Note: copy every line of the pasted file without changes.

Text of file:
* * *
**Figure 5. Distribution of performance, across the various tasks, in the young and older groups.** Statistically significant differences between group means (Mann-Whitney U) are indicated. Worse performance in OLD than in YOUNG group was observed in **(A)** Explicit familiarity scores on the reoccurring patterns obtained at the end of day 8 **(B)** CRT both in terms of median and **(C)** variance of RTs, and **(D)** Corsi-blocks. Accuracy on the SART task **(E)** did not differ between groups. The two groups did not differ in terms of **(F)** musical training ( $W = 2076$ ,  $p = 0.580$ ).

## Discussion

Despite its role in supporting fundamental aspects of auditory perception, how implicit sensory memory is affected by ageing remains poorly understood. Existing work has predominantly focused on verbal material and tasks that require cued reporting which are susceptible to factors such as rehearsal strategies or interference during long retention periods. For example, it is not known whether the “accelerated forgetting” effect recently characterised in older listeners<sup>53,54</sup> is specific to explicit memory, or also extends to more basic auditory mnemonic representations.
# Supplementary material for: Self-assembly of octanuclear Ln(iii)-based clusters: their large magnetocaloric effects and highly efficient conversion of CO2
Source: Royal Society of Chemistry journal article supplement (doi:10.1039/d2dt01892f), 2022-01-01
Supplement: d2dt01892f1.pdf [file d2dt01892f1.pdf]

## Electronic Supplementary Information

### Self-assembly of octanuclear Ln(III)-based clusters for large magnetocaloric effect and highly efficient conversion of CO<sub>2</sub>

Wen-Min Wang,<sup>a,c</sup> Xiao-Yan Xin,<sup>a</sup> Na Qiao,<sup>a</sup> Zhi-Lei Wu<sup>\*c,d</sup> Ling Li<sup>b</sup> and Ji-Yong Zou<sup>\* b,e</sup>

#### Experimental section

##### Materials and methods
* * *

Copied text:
**Figure 5. Distribution of performance, across the various tasks, in the young and older groups.** Statistically significant differences between group means (Mann-Whitney U) are indicated. Worse performance in OLD than in YOUNG group was observed in **(A)** Explicit familiarity scores on the reoccurring patterns obtained at the end of day 8 **(B)** CRT both in terms of median and **(C)** variance of RTs, and **(D)** Corsi-blocks. Accuracy on the SART task **(E)** did not differ between groups. The two groups did not differ in terms of **(F)** musical training ( $W = 2076$ ,  $p = 0.580$ ).

## Discussion

Despite its role in supporting fundamental aspects of auditory perception, how implicit sensory memory is affected by ageing remains poorly understood. Existing work has predominantly focused on verbal material and tasks that require cued reporting which are susceptible to factors such as rehearsal strategies or interference during long retention periods. For example, it is not known whether the “accelerated forgetting” effect recently characterised in older listeners<sup>53,54</sup> is specific to explicit memory, or also extends to more basic auditory mnemonic representations.
# Supplementary material for: Self-assembly of octanuclear Ln(iii)-based clusters: their large magnetocaloric effects and highly efficient conversion of CO2
Source: Royal Society of Chemistry journal article supplement (doi:10.1039/d2dt01892f), 2022-01-01
Supplement: d2dt01892f1.pdf [file d2dt01892f1.pdf]

## Electronic Supplementary Information

### Self-assembly of octanuclear Ln(III)-based clusters for large magnetocaloric effect and highly efficient conversion of CO<sub>2</sub>

Wen-Min Wang,<sup>a,c</sup> Xiao-Yan Xin,<sup>a</sup> Na Qiao,<sup>a</sup> Zhi-Lei Wu<sup>\*c,d</sup> Ling Li<sup>b</sup> and Ji-Yong Zou<sup>\* b,e</sup>

#### Experimental section

##### Materials and methods